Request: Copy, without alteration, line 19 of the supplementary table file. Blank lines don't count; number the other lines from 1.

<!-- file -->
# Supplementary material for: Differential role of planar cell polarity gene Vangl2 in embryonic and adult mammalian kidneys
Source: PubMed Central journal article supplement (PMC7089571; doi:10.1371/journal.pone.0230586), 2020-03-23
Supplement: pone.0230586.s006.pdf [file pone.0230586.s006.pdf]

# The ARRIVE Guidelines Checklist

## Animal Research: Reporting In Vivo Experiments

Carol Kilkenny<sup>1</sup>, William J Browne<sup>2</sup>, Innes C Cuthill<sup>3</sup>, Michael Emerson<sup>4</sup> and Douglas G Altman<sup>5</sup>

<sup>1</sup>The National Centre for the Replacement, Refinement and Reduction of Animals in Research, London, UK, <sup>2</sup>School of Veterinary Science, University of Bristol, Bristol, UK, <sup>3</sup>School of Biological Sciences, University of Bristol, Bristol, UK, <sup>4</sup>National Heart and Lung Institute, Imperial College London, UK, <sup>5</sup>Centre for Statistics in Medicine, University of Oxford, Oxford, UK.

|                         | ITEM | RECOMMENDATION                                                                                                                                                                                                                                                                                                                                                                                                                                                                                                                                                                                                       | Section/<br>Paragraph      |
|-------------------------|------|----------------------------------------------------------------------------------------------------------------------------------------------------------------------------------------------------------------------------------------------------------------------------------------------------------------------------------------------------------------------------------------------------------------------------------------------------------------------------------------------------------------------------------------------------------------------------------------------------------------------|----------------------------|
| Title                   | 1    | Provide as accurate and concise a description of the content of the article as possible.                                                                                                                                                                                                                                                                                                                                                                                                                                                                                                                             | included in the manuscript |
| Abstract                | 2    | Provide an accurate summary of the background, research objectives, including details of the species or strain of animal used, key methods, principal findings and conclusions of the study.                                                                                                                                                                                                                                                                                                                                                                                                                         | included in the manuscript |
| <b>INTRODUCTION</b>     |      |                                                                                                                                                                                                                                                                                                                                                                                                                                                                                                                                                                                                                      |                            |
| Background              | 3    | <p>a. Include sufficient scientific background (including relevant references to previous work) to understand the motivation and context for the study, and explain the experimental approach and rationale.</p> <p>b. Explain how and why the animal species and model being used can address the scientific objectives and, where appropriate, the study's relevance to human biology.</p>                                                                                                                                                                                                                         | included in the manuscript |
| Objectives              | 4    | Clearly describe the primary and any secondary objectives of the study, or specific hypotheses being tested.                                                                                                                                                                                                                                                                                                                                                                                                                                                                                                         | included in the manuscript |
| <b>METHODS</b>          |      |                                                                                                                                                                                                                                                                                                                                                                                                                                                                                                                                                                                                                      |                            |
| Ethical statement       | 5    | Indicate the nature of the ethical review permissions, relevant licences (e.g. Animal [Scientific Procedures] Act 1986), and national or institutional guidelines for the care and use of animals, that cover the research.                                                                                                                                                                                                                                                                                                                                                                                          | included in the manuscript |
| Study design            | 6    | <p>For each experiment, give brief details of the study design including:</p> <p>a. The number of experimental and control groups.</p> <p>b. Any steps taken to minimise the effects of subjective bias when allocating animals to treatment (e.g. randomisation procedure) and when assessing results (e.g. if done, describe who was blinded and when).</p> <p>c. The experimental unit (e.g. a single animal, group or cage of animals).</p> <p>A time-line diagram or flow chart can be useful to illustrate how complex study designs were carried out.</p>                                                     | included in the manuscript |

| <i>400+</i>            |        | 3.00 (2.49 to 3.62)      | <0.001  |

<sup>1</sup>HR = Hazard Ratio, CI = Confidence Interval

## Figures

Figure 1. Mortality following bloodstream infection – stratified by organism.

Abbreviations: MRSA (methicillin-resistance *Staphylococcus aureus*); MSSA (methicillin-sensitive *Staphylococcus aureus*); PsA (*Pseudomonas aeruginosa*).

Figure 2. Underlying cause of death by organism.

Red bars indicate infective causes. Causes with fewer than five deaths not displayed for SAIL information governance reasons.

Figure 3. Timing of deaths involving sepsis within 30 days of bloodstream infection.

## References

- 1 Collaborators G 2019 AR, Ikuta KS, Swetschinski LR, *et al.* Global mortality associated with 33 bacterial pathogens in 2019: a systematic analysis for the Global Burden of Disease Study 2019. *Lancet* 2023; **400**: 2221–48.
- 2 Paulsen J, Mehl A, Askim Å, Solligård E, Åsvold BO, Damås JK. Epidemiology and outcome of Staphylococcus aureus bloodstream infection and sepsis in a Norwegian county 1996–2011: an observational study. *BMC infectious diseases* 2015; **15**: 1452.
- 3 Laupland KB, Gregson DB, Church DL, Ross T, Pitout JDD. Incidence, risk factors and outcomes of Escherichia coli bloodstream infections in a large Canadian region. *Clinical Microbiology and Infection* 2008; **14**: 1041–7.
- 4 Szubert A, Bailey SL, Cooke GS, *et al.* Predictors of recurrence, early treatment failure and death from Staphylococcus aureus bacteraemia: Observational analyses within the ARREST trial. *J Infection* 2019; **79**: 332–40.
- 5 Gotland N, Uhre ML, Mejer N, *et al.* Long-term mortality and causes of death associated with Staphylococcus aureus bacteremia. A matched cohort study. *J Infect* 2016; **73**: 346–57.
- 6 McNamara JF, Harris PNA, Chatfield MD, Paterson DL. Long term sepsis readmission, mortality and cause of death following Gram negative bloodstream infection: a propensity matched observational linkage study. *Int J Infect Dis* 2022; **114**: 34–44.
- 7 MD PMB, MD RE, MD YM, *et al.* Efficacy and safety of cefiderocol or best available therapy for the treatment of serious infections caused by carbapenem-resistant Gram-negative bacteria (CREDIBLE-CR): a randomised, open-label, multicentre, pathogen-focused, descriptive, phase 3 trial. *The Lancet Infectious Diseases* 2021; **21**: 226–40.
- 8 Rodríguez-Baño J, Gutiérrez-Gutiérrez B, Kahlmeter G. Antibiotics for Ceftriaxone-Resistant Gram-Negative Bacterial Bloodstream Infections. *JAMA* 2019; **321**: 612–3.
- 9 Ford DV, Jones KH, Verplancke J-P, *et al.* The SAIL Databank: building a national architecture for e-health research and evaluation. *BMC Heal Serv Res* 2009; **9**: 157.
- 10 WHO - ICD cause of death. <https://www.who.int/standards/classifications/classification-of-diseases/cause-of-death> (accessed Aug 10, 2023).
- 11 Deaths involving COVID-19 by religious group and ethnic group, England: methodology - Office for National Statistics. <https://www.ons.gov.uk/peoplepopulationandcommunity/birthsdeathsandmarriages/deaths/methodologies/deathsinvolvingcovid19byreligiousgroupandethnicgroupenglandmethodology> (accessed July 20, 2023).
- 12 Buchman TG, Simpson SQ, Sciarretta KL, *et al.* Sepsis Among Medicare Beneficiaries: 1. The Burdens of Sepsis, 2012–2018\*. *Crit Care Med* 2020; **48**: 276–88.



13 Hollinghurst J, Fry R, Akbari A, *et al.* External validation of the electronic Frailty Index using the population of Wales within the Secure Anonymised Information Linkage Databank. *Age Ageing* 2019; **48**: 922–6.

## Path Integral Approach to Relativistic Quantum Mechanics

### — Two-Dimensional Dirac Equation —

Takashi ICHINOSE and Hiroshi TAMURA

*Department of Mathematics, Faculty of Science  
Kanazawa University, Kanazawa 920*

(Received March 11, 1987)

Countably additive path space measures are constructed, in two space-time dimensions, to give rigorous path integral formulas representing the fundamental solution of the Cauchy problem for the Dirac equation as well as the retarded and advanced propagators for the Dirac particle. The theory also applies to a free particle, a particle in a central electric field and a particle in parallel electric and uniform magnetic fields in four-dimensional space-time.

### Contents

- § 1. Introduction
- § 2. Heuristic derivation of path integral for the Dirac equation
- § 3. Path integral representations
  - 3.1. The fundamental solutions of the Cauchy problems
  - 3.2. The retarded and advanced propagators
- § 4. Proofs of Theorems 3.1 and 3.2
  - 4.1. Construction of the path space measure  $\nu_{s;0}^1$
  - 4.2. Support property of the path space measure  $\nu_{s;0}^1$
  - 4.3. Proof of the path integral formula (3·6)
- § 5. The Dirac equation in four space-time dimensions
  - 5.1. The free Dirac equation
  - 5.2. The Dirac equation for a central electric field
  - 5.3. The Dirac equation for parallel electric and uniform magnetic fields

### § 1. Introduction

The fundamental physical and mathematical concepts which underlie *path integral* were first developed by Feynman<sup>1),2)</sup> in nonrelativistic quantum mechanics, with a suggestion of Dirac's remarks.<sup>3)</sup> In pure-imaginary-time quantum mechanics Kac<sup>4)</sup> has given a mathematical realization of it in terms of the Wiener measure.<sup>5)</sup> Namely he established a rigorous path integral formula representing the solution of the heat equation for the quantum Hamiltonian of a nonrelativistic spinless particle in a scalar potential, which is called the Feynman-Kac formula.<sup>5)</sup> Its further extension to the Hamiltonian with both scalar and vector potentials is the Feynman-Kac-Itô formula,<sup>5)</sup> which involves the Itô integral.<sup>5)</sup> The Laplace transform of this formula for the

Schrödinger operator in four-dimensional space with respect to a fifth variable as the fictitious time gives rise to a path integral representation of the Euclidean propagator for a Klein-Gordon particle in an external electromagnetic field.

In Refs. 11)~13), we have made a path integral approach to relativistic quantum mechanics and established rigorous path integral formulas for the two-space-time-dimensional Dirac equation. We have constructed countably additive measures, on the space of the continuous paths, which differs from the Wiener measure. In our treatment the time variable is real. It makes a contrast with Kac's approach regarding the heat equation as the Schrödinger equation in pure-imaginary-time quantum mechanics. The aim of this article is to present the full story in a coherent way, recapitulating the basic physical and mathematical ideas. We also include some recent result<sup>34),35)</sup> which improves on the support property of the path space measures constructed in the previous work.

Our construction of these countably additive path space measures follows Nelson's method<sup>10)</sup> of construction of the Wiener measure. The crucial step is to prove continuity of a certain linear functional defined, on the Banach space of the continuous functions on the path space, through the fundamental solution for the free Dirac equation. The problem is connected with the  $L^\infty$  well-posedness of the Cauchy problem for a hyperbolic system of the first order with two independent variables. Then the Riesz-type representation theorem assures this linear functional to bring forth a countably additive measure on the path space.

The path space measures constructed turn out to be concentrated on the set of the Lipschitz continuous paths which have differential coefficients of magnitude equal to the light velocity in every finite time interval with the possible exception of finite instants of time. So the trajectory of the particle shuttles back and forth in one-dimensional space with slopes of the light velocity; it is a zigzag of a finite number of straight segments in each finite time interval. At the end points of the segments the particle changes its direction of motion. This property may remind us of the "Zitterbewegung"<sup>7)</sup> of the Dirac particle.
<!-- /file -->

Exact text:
<sup>1</sup>HR = Hazard Ratio, CI = Confidence Interval